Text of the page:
Monday, August 10, 2015

Tompkins Square Park Oddities

Unlike Bryant Park, or Washington Square Park, the locals have always used the lot known as Tompkins Square as a public meeting place. It was previously just a small section of Stuyvesant Meadows' salt marsh, until 1829 when it was accepted by Manhattan as a gift from Peter Gerard Stuyvesant (1778 - 1847) for a tax break, with the agreement that the land would always be used as a park open to all.
Tompkins Square (named after U.S. Vice President under President James Monroe, Daniel D. Tompkins [1774–1825]) was established in 1834, and its cast-iron fence was added the following year. Thought to be set in an ideal part of the city that would boom, the Panic of 1837 brought the city's expansion to an end, and the area was considered a haven for immigrant communities by some, and a slum by others.

The public square was later deemed a park, reopened in 1850, and it soon became the local meeting ground for those unhappy with the trappings of the Industrial Age.
In 1857, police attacked the locals in the park protesting unemployment and food shortages. In July of 1863, laws passed by Congress to draft men into the ongoing American Civil War, sparked the Draft Riots within the park. In January, 1874, the Tompkins Square Riot occurred, then, in 1877, 5,000 people fought the National Guard as they attempted to listen to Communist speeches.
In short, the area is a historical hotbed for political activism, but it also holds some interesting curiosities you might want to see, besides the crust punks, and chess wizards.
While the park contains a handful of monuments, the one with the most tragic background would have to be the tribute to the General Slocum boating disaster of 1904.

A few locals, and even some visitors, have asked, "If there is a Little You-Name-It, why no Little Germany?" There was, Kleindeutschland, until June of 1904, when 1342 of Little Germany's residents (including the entire congregation of St. Mark's Evangelical Lutheran Church) were crossing the east river to an annual picnic. The steamship they were on, the PS General Slocum, caught fire, and sank off North Brother Island, near the Bronx shore, killing 1021.
While there is a monument of statues over the mass grave of the victims, the Sympathy Society of German Ladies asked to also set one up in the neighborhood that lost so many of its citizens. The pink Tennessee marble stele was erected in the north side of the park in 1906.
On a lighter note, Tompkins Square Park's Dog Run was the first in New York City, and many think in the country. Opening in 1990, it has been a place for tourists, and locals alike, to take a moment and smile.
Sometime in the mid-90s, a tree in the center of the run fell over, and a local chainsaw artist created a bone-shaped plaque, which many began to add the dog tags of little ones who had passed. The original "bone memorial" had weathered into bits, but a new, double-sided one replaced it during park renovations in 2008. You can still add your pet's old tags, or - as most do now - purchase memorial plates.

Be sure to drop by in October, as the park holds the Annual Tompkins Square Halloween Dog Parade, known as the biggest dog Halloween party in the U.S., with an attendance of over 400 dogs in costume.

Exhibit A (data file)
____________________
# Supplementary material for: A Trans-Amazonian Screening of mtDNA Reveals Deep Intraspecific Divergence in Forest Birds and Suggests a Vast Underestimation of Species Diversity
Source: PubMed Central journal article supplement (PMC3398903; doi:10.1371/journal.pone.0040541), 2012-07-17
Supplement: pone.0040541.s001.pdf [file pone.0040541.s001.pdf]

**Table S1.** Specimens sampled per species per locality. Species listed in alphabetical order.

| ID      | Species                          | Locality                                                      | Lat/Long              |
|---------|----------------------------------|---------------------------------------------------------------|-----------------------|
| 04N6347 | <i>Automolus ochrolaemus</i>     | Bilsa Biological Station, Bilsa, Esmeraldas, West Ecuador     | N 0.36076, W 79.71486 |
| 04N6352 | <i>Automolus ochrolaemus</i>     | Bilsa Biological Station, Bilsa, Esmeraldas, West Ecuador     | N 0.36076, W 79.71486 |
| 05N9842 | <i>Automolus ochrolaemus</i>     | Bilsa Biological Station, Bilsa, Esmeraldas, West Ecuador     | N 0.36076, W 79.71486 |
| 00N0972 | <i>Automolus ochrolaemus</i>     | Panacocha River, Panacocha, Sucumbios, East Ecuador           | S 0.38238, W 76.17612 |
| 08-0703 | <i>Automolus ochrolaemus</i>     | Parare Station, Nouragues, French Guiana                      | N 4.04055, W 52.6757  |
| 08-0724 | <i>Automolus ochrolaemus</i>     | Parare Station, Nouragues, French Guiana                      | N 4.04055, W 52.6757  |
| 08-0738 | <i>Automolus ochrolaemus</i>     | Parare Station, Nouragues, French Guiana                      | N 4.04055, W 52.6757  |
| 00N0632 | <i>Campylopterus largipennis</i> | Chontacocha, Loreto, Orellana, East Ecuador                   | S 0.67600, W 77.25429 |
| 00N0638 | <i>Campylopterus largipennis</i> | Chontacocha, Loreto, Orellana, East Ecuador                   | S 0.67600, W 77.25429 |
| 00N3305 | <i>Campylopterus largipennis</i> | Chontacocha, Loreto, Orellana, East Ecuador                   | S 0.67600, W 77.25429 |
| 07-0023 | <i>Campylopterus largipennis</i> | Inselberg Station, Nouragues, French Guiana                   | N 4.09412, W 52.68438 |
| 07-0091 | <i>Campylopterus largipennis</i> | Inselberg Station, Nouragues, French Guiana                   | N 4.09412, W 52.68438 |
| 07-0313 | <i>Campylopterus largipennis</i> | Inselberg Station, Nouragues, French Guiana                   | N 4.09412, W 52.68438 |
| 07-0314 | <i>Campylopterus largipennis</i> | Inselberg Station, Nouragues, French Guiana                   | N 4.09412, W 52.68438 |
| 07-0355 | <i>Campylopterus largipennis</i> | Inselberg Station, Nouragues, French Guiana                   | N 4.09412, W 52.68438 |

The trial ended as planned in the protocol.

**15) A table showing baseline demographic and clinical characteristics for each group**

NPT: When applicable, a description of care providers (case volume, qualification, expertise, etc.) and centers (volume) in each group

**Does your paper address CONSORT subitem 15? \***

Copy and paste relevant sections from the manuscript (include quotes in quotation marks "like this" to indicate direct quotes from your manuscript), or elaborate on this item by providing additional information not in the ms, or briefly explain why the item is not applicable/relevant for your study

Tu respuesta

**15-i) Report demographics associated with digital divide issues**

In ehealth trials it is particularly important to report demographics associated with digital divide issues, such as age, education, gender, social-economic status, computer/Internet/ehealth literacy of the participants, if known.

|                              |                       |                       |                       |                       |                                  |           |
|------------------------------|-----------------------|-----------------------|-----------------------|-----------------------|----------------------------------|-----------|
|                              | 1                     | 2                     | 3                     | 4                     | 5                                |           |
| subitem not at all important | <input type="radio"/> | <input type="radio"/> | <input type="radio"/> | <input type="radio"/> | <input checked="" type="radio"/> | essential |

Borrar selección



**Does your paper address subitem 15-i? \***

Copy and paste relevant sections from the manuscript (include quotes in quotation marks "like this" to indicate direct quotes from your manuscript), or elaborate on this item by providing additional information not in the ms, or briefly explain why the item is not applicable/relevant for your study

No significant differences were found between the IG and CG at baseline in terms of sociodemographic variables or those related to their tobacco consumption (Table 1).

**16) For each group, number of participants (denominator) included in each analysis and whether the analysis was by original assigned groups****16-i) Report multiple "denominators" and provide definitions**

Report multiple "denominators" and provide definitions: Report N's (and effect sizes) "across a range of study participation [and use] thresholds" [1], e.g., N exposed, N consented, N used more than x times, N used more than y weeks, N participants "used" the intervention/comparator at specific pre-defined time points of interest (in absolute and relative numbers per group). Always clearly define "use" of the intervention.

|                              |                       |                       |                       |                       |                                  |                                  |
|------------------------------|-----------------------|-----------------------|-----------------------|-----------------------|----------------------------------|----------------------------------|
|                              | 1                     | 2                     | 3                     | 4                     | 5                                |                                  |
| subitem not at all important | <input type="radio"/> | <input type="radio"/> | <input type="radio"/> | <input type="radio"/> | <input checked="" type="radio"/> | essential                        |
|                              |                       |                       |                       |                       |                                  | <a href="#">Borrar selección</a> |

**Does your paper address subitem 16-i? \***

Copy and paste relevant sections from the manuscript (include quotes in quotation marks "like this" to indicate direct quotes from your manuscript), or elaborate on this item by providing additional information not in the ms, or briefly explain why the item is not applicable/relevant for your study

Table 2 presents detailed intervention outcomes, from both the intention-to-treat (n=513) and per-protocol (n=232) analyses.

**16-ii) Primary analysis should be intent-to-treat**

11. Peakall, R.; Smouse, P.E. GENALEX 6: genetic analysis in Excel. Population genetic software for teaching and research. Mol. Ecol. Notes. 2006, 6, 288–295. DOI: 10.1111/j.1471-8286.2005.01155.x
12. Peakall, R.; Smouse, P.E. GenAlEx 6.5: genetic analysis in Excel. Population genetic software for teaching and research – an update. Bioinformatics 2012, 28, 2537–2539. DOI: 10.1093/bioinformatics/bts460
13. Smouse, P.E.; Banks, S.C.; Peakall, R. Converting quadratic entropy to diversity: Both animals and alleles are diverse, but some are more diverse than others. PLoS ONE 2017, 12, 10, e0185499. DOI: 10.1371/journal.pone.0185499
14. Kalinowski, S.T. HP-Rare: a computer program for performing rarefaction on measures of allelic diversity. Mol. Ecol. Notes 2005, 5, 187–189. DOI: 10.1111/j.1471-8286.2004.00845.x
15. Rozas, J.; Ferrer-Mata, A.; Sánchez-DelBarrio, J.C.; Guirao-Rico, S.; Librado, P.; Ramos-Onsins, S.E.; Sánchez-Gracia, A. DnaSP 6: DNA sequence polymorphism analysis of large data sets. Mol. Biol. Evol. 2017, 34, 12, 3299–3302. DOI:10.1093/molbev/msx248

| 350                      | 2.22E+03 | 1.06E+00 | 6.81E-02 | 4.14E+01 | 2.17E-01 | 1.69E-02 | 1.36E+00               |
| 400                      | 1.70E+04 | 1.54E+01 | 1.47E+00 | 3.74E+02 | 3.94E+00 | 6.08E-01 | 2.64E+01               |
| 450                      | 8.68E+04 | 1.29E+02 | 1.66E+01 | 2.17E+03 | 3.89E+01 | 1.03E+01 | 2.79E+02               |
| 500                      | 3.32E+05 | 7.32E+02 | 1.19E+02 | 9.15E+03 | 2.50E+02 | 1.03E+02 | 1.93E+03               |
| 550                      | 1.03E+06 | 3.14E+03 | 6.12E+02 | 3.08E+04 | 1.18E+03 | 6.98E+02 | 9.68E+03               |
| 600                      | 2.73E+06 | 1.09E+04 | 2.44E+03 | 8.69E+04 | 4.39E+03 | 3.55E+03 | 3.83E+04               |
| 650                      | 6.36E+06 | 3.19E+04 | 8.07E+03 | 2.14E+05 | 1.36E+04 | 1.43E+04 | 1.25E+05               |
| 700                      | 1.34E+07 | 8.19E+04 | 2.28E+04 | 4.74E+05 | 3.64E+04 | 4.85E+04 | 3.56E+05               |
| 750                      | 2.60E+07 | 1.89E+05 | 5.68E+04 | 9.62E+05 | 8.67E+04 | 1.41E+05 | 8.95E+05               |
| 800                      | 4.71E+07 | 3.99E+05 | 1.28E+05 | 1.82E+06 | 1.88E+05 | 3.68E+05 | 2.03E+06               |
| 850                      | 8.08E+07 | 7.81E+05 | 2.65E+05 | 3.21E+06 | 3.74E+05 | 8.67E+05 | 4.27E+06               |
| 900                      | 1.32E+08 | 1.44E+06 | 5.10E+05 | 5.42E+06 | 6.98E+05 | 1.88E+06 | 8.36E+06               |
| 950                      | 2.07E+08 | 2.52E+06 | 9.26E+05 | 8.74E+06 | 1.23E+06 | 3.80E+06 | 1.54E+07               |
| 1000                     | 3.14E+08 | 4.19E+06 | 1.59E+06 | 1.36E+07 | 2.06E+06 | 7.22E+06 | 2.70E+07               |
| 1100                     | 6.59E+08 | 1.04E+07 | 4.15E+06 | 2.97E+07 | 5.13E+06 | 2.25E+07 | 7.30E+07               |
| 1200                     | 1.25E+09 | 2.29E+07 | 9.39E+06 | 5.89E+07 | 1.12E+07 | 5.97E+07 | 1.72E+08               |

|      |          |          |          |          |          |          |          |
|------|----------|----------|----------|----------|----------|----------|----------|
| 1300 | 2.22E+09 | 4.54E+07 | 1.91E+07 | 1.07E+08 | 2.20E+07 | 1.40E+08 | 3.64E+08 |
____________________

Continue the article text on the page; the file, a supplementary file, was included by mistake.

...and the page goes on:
Lastly, there are many awesome trees in Tompkins Square, but none are as "blessed" as the American Elm (Ulmus americana) in the near center of the park.

Known as "the Hare Krishna Tree", it is at the base of its trunk, where, on October 9, 1966, A.C. Bhaktivedanta Swami Prabhupada (1896 - 1977), founded the International Society for Krishna Consciousness, with the first chanting session of the Hare Krishna mantra outside of India (creepy pedophile, but great Beat poet Allen Ginsberg was present to document the event).
If you enjoy just walking around and looking up in trees, you'll be in for a treat, as the park has a small population of red-tailed hawks (last numbered at two juveniles, and an adult male).

Please don't disturb or taunt the birds if you see them, as they are already so used to humans, they will often swoop right by park-goers to catch a mouse nearby.

If you aren't in the area for the October dog fun, the spring and summer here are also wild times, as there are punk, and art, shows within the park, such as this past weekend's 27th Annual Tompkins Square Park Riot Punk Show. Two days of punk bands shouting bad words at the Boys In Blue for their 1988 trespass against the park's homeless.

Nihilistics, August 09, 2015

The Deceivers, August 09, 2015

The Blame, August 08, 2015

Simon and the Bar Sinisters, August 08, 2015

If you can't find the secret spot in the park where Daniel Rakowitz once set up a food stand in 1989, and fed the homeless the remains of poor Monika Beerle, but are still up for hanging around the area to find more weirdness, take a walk west down St. Marks Place.
You'll come across 96 - 98 St Marks Place, which are the two tenement buildings used by Peter Corriston for the cover of Led Zeppelin's 1975 LP, Physical Graffiti.

Further down the street is a speakeasy-turned-theater, Theater 80, at 80 St Marks Place.
Opening in 1960, owner Howard Otway refurbished the house and hall in 1971, and had Hollywood stars come out to the opening party, so they could leave their prints in the cement just outside.
Some of the originals on the sidewalk include Joan Crawford, Kitty Carlisle, and Gloria Swanson, with the addition of Dom DeLuise in 1983...

...and Joan Rivers in 2011.